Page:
Tuesday, November 11, 2008

Bad Blogger. Bad!

My friend S. reminded me last week that I have not updated my blog since July 21st. I will now take an oath, or something, to update this blog at least once a month. If I don't, I give you all permission to say nasty things about me behind my back.

The little munchkin has been busy, learning new words, playing with trains, eating noodles and peas and ice cream, going to day care, and reading lots of books. I like to play categories, so I recently tried to come up with a word that she knows for every letter of the alphabet. X and Z are, as always, problematic, but I think I came up with something for every other letter:

A apple
B ball
C cat
D doggie
E eat
F fish
G go
H hot
I (Hmmm. I think maybe she said "in" once)
J jump
K kitty
L light
N no
O oh
P pee
Q quiet
R rabbit
S Sweet Pea
T tree
U up
V vote
W wubba wubba wubba wubba woo woo woo
X -
Y yes
Z -

Monday, July 21, 2008

Sunday, June 29, 2008

Proud and Legal

Just a photo for now (more later)...

Monday, June 2, 2008

Blogging for LGBT Families Day

Today is Blogging for LGBT Families Day so this member of an LGBT family is going to talk about marriage. But first, a quote:

Mawwiage. Mawwiage is what bwings us togethew today. Mawwiage, that bwessed awwangement, that dweam within a dweam. And wove, twue wove, wiww fowwow you fowevah and evah… So tweasuwe youw wove…Have you the wing?

I have no idea why that routine is so funny, but it is. Go figure. At the same time, I’m have no idea why people fall in love, but they do. And it’s wonderful. Well, it can be awful, actually, but if it works out it’s wonderful.

I’ve been in love a number of times in my life, and it’s been a mixed bag. Probably like most people, love has made me happy, sad, ecstatic, miserable, euphoric, depressed, angry, crazy, content, and just about every other adjective in the dictionary. But, until I met Amy, I never really understood why people got married. It always seemed to me that people mostly got married because they thought they were supposed to, or to have someone to do half the child-raising chores. My relationships are what they are, I figured – why do I need the church, or worse, the state, telling me how to define them? I still feel that way, to some degree. Neither the church nor the state nor any one else except Amy and I (well, now maybe our daughter, too) can define our relationship.

But falling in love with Amy made me, for the first time in my life, understand how you can love somebody so much that you need to shout it from the rooftops, spend thousands of dollars on a party, have friends fly all the way there from faraway places, proclaim publicly and loudly and openly and joyously that you will spend forever and ever and even longer with this incredibly wonderful person, and to tell the world how incredibly amazingly lucky you are to have found your true love and soul mate.

So, that’s what we did, three years ago, and it was wonderful. Except that it wasn’t legal. Well, we figured, fuck the government and their stupid-ass laws. That doesn’t make us any less married. It makes us less protected, less accepted, less financially secure, but it doesn’t change our relationship with each other.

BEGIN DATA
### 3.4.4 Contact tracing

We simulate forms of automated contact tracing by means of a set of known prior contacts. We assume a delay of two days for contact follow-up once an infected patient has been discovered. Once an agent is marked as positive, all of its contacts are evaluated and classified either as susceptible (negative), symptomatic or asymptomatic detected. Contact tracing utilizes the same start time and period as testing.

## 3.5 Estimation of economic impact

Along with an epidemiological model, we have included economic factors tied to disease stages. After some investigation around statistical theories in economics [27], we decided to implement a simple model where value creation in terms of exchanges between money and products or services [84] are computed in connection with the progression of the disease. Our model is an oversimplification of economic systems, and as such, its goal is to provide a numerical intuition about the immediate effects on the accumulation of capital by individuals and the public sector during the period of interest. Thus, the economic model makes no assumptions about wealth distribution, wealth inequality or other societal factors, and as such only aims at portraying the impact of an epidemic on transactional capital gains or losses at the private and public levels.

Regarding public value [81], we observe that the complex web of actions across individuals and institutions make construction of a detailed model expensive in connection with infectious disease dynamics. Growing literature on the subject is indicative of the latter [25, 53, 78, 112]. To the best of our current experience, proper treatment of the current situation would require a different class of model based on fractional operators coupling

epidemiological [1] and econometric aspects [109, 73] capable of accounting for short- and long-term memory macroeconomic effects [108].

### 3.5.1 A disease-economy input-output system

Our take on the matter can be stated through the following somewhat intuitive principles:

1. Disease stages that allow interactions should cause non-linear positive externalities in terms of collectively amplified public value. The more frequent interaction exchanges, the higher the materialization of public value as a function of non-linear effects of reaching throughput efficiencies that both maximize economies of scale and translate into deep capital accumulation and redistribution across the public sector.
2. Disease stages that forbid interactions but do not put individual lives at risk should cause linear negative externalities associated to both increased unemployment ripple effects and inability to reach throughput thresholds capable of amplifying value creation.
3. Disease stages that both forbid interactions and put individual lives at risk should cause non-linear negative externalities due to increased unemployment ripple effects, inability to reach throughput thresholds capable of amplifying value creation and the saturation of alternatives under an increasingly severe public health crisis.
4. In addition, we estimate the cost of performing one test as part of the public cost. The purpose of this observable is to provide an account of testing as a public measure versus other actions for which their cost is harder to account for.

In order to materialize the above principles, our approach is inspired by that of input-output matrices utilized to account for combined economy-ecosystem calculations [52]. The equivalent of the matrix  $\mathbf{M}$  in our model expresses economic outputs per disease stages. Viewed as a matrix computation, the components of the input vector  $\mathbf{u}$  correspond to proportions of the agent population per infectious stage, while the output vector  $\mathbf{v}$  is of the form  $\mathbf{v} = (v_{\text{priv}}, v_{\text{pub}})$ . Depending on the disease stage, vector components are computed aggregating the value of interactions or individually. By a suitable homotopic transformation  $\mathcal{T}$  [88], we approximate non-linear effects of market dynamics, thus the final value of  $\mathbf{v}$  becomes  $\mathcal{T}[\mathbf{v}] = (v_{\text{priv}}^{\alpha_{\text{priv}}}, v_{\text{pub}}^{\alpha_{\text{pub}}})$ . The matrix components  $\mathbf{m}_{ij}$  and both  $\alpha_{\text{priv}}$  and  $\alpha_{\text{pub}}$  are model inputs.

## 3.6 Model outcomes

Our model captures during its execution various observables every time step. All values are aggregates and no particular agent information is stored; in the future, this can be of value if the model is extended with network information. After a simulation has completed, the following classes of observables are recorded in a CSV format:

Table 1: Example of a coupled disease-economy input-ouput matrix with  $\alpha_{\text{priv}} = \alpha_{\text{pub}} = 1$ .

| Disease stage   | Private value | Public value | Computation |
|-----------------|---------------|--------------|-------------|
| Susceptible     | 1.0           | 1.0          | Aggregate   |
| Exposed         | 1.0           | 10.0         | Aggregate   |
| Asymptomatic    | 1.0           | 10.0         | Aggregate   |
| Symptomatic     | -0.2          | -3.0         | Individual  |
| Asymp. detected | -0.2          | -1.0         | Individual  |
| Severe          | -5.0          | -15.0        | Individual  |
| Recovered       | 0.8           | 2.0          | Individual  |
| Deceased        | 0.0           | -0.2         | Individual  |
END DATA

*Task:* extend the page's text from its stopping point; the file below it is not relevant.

But now, or soon anyway, we can get married here in California. And even though we’re already married, and even though it’s a little annoying to be “granted” something that is your right, we will get married again. Because I still want to shout it from the rooftops and proclaim publicly and loudly and openly and joyously that I will spend forever and ever and longer with this incredibly wonderful person, and I’m still incredibly amazingly lucky to have found her. I’ll forgo making my friends fly here and spending thousands on a party, though.

Who in their right mind could possibly deny us this?

Friday, May 23, 2008

Friday, May 16, 2008

We Are Family!

The California Supreme Court, as you all know by now, has spoken:

The designation of marriage to a union "between a man and a woman” is unconstitutional and must be stricken from the statute, and that the remaining statutory language must be understood as making the designation of marriage available both to opposite-sex and same-sex couples.

Woo-hoo! So, sometime next month, Amy and I will be getting married. Again. And that marriage may or may not be permanent, since there will be a ballot initiative in November to amendment the California constitution -- the only thing that supersedes a Supreme Court decision -- which would define marriage as between "one man and one woman," if it wins.

It goes without say that we're opposed to the ballot initiative, and that in fact we will be spending a lot of time between now and then pounding the pavement trying to get people to NOT vote for it. I'm hoping that anyone reading this who lives in California will be doing the same, if you can, and I'm also hoping that all of you donate as much as you can to organizations like Equality California and the Unitarian Universalist Legislative Ministry who are fighting this amendment.

I spent a few hours yesterday reading the comments on various websites about the Supreme Court decision, and the people who are opposed to same-sex marriage seem to have three main arguments:

1. The Religious Argument: the Bible says it's wrong.
2. The Democracy Argument: the voters already voted against this (in 2000).
3. The Slippery Slope Argument: next they'll be saying you can marry your sister, or your dog.

Since you will undoubtedly encounter one or more of these arguments, should you decide to discuss this issue with a Californian, I thought I'd take some time to expound, in the hopes of providing my vast readership (all 6 of you!) with some ammunition.

1. The Religious Argument